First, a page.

Verse 34. "Thy servants trade hath been about cattle" - "The land of Goshen, called also the land of Rameses, lay east of the Nile, by which it was never overflowed, and was bounded by the mountains of the Thebaid on the south, by the Nile and Mediterranean on the west and north, and by the Red Sea and desert of Arabia on the east. It was the Heliopolitan nome or district, and its capital was called ON. Its proper name was Geshen, the country of grass or pasturage, or of the shepherds, in opposition to the rest of the land which was sown after having been overflowed by the Nile." -Bruce. As this land was both fruitful and pleasant, Joseph wished to fix his family in that part of Egypt; hence he advises them to tell Pharaoh that their trade had been in cattle from their youth: and because every shepherd is an abomination to the Egyptians, hence he concluded that there would be less difficulty to get them quiet settlement in Goshen, as they would then be separated from the Egyptians, and consequently have the free use of all their religious customs. This scheme succeeded, and the consequence was the preservation both of their religion and their lives, though some of their posterity did afterwards corrupt themselves; see Ezek. xx. 8; Amos v. 26. As it is well known that the Egyptians had cattle and flocks themselves, and that Pharaoh even requested that some of Joseph's brethren should be made rulers over his cattle, how could it be said, as in ver. 34, Every shepherd is an abomination unto the Egyptians? Three reasons may be assigned for this:
1. Shepherds and feeders of cattle were usually a sort of lawless, free-booting banditti, frequently making inroads on villages, &c., carrying off cattle, and whatever spoils they could find. This might probably have been the case formerly, for it is well known it has often been the case since. On this account such persons must have been universally detested. 2. They must have abhorred shepherds if Manetho's account of the hycsos or king- shepherds can be credited. Hordes of marauders under this name, from Arabia, Syria, and Ethiopia, (whose chief occupation, like the Bedouin Arabs of the present day, was to keep flocks,) made a powerful irruption into Egypt, which they subdued and ruled with great tyranny for 259 years. Now, though they had been expelled from that land some considerable time before this, yet their name, and all persons of a similar occupation, were execrated by the Egyptians, on account of the depredations and long-continued ravages they had committed in the country. 3. The last and probably the best reason why the Egyptians abhorred such shepherds as the Israelites were, was, they sacrificed those very animals, the ox particularly, and the SHEEP, which the Egyptians held sacred. Hence the Roman historian Tacitus, speaking of the Jews, says: "Caeso ARIETE velut in contumelia AMMONIS; Bos quoque immolatur, quem AEgyptii APIM colunt." "They sacrifice the ram in order to insult Jupiter Ammon, and they sacrifice the ox, which the Egyptians worship under the name of Apis." Though some contend that this idolatry was not as yet established in Egypt, and that the king-shepherds were either after the time of Joseph, or that Manetho by them intends the Israelites themselves; yet, as the arguments by which these conjectures are supported are not sufficient to overthrow those which are brought for the support of the contrary opinions, and as there was evidently an established religion and priesthood in Egypt before Joseph's time, (for we find the priests had a certain portion of the land of Egypt which was held so sacred that Joseph did not attempt to buy it in the time of the famine, when he bought all the land which belonged to the people, chap. xlvii. 20-22,) and as that established priesthood was in all likelihood idolatrous, and as the worship of Apis under the form of an ox was one of the most ancient forms of worship in Egypt, we may rest tolerably certain that it was chiefly on this account that the shepherds, or those who fed on and sacrificed these objects of their worship, were an abomination to the Egyptians. Calmet has entered into this subject at large, and to his notes I must refer those readers who wish for farther information. See on "chap. xliii. 32".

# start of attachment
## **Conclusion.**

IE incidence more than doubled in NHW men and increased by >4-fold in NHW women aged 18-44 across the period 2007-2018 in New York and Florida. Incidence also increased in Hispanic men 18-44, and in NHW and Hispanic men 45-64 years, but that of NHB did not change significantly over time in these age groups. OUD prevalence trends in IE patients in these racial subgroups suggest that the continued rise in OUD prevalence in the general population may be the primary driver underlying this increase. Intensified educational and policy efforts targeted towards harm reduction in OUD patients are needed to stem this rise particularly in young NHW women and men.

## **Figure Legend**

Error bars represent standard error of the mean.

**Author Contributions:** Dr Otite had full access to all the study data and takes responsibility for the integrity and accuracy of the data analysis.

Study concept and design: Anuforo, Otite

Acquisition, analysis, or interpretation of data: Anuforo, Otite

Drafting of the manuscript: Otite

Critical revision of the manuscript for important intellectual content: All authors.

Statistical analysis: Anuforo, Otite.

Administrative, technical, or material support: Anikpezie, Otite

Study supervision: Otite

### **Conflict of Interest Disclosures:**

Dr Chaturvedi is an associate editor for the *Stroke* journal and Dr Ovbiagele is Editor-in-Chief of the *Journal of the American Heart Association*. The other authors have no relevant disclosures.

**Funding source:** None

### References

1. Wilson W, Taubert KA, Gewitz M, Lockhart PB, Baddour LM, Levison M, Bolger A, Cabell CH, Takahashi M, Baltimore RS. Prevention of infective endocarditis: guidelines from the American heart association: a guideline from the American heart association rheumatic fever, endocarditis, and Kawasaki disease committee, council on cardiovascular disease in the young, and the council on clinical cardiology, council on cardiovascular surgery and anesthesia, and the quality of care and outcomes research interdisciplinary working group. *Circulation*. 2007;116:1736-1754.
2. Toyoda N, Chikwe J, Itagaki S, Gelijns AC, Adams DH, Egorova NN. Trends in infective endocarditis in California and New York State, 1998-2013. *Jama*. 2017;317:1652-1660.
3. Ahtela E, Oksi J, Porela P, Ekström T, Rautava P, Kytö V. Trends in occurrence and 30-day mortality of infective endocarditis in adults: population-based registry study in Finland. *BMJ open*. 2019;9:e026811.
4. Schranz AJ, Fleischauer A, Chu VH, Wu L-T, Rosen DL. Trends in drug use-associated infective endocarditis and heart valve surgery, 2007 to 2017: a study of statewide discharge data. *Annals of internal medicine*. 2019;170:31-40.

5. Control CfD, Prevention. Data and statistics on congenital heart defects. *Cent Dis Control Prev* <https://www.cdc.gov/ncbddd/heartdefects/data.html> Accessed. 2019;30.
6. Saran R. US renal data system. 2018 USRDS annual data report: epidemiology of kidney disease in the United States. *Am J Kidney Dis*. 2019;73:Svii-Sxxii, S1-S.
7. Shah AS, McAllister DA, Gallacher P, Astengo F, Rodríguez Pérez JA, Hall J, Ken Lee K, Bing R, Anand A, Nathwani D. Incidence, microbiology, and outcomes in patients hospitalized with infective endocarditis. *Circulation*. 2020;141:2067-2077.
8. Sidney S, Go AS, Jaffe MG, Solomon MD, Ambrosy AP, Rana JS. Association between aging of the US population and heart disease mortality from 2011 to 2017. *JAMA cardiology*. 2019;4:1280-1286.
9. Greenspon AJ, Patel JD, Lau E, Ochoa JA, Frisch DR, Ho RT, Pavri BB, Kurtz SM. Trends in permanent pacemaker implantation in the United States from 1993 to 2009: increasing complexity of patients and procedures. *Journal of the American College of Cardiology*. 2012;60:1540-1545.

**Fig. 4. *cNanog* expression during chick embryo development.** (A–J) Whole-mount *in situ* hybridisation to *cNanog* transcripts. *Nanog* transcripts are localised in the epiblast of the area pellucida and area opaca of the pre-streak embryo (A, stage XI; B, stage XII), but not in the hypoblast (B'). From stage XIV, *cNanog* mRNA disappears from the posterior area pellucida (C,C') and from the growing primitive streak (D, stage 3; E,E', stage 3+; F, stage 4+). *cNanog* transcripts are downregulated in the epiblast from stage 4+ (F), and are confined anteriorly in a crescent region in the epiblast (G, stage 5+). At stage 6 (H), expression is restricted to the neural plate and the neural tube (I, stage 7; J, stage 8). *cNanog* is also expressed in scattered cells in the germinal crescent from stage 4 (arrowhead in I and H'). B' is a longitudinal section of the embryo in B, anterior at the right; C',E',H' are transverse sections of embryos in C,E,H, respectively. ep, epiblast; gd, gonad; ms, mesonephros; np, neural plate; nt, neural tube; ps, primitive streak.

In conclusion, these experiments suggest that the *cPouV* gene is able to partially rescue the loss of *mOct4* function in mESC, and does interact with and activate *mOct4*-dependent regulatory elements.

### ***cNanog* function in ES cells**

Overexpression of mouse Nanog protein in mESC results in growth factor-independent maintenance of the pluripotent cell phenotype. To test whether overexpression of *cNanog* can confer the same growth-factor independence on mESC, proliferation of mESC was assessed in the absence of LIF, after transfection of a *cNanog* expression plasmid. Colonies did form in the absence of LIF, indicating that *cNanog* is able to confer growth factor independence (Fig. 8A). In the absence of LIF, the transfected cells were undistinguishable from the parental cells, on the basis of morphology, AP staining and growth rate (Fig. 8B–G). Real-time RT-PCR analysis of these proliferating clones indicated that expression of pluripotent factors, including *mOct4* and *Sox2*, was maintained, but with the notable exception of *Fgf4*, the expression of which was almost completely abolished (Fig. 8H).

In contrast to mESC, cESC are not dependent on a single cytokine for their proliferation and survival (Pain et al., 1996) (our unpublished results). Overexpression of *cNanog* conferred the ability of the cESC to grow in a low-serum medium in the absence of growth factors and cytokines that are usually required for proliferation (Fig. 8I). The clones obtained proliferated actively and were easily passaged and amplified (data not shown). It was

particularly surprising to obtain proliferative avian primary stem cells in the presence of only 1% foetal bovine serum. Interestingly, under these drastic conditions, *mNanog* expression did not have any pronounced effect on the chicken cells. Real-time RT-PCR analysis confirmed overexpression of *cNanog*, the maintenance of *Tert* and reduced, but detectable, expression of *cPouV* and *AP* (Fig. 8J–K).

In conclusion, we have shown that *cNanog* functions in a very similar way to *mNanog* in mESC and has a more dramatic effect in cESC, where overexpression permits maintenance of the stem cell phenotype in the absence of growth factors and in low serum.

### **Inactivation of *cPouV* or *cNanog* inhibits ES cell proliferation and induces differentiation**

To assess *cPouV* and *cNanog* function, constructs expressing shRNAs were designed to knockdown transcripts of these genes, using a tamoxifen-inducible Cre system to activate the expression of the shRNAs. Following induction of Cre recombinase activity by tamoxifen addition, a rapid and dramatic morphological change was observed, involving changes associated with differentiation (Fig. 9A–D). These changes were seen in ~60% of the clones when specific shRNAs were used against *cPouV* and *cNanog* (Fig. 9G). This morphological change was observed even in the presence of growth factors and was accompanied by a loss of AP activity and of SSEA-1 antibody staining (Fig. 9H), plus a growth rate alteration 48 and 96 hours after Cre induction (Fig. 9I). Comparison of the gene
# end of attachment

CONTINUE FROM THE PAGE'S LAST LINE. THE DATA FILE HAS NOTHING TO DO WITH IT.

ON the principal subject of this chapter, the going down of Jacob and his family into Egypt, Bishop Warburton, in his Divine Legation of Moses, makes the following judicious reflections: "The promise God made to Abraham, to give his posterity the land of Canaan, could not be performed till that family was grown strong enough to take and keep possession of it.
In the meantime, therefore, they were necessitated to reside among idolaters, and to reside unmixed; but whoever examines their history will see that the Israelites had ever a violent propensity to join themselves to Gentile nations, and practice their manners. God therefore, in his infinite wisdom, brought them into Egypt, and kept them there during this period, the only place where they could remain for so long a time safe and unconfounded with the natives, the ancient Egyptians being by numerous institutions forbidden all fellowship with strangers, and bearing besides a particular aversion to the profession of the Israelites, who were shepherds.
Thus the natural dispositions of the Israelites, which in Egypt occasioned their superstitions, and in consequence the necessity of a burdensome ritual, would in any other country have absorbed them into Gentilism, and confounded them with idolaters. From the Israelites going into Egypt arises a new occasion to adore the footsteps of Eternal Wisdom in his dispensations to his chosen people."